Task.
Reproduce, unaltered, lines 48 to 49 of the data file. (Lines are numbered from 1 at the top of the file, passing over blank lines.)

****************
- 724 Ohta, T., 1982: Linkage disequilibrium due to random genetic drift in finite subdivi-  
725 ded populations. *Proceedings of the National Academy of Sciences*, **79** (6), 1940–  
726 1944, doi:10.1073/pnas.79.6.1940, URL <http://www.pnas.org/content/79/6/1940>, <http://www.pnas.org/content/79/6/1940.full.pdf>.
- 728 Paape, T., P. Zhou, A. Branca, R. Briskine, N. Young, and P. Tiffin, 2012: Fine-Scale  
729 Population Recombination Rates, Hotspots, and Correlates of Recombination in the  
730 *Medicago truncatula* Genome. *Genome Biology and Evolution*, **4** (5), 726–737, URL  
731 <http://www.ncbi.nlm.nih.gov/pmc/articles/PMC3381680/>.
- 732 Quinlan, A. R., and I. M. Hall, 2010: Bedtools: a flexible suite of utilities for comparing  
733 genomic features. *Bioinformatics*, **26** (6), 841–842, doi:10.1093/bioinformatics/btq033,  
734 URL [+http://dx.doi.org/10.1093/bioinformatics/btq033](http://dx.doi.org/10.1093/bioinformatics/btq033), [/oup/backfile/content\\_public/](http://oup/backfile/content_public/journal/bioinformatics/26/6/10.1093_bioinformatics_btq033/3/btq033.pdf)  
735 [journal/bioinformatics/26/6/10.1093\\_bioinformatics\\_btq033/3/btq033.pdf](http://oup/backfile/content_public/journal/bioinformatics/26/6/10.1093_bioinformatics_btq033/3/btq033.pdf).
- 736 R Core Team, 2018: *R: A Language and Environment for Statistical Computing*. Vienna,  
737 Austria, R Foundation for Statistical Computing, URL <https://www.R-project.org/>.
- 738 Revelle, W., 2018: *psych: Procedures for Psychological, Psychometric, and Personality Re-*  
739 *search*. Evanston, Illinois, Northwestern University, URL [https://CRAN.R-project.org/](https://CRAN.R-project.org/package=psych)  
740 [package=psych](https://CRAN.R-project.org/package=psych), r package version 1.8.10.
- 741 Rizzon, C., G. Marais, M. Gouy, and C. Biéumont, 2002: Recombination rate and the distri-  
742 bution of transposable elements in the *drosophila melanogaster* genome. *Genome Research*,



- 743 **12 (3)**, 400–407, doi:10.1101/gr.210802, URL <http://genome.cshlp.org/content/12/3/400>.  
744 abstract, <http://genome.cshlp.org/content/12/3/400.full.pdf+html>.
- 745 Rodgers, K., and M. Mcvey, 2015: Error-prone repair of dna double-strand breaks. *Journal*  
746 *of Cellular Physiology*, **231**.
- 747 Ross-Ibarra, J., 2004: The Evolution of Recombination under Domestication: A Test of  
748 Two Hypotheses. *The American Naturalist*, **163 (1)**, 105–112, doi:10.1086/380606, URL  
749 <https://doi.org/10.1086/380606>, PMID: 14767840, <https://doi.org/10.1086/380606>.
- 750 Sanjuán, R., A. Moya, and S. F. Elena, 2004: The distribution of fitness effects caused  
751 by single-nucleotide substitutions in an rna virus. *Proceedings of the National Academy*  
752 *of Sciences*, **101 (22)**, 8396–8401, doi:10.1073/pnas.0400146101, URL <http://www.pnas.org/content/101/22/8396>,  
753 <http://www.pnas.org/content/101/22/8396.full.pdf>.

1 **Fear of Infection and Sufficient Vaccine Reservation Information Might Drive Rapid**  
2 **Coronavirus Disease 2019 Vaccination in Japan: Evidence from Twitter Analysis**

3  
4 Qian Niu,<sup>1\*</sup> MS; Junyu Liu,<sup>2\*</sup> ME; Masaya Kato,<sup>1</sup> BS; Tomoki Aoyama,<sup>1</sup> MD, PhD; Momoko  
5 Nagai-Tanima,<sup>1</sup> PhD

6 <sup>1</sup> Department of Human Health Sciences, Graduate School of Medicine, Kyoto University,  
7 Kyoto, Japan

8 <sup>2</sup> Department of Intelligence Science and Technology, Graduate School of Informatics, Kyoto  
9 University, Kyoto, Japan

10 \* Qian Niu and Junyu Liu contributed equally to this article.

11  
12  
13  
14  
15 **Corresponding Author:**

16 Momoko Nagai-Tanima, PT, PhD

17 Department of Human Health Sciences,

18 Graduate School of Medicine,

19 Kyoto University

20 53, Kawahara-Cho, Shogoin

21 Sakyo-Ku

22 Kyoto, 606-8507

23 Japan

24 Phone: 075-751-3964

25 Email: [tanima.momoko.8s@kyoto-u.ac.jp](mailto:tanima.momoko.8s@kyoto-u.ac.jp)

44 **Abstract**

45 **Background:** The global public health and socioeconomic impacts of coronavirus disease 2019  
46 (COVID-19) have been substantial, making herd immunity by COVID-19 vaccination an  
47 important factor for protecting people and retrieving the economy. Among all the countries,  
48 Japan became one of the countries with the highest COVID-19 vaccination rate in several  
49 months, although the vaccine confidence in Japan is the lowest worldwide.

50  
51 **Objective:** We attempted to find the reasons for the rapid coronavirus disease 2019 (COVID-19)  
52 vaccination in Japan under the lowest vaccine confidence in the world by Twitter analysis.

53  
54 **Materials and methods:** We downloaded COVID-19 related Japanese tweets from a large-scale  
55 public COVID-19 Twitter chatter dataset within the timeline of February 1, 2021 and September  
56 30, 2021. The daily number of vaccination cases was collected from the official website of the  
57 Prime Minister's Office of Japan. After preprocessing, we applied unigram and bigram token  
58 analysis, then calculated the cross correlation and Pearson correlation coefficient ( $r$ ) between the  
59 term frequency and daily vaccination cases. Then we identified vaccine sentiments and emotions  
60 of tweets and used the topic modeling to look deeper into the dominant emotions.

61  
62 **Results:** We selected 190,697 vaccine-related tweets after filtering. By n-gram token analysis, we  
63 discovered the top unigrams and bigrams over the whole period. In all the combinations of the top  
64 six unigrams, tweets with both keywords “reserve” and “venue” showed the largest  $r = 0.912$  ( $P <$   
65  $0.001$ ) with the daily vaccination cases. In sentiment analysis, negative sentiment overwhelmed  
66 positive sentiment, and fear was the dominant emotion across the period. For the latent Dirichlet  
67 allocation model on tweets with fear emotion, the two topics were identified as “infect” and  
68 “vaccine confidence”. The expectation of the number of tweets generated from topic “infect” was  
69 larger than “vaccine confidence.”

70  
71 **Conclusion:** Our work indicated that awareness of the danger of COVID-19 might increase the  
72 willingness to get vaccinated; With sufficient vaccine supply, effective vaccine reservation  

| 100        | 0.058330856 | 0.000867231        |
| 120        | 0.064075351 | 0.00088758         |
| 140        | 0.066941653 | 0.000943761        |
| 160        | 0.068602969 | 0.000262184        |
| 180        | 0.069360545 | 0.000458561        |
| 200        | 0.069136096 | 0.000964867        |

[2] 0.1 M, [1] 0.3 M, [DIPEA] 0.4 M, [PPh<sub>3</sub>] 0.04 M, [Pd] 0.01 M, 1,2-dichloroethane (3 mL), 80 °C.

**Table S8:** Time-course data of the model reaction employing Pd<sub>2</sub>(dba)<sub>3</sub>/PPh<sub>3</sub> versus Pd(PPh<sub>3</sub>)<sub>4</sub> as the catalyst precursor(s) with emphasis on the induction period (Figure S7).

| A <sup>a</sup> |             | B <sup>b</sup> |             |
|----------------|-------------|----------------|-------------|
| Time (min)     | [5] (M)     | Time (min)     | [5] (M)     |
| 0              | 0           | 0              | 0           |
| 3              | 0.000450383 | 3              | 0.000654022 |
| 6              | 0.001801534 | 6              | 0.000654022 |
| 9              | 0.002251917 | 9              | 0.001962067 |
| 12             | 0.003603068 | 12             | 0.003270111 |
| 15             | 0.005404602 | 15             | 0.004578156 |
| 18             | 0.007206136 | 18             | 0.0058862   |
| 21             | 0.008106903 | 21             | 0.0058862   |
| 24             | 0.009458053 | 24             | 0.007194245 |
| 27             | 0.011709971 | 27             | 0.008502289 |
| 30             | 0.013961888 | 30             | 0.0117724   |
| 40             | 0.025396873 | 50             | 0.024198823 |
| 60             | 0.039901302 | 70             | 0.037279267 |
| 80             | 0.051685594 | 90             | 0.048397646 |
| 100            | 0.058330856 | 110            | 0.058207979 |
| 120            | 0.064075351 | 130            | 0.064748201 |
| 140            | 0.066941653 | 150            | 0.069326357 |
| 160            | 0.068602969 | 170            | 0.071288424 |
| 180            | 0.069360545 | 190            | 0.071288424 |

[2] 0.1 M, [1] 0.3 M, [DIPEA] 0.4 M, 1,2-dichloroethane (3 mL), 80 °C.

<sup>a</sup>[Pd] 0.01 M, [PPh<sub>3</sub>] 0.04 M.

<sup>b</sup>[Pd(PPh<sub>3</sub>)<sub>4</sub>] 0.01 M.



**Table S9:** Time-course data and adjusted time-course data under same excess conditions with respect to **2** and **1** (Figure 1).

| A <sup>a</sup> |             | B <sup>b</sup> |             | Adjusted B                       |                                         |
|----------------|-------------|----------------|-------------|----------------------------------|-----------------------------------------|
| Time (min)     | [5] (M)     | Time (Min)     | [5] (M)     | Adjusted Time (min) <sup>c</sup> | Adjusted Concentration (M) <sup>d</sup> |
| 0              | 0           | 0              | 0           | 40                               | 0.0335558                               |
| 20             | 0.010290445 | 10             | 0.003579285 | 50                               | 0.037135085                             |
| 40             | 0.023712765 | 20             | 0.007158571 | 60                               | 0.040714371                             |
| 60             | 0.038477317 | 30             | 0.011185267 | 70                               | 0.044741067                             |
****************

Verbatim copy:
19 Kyoto University

20 53, Kawahara-Cho, Shogoin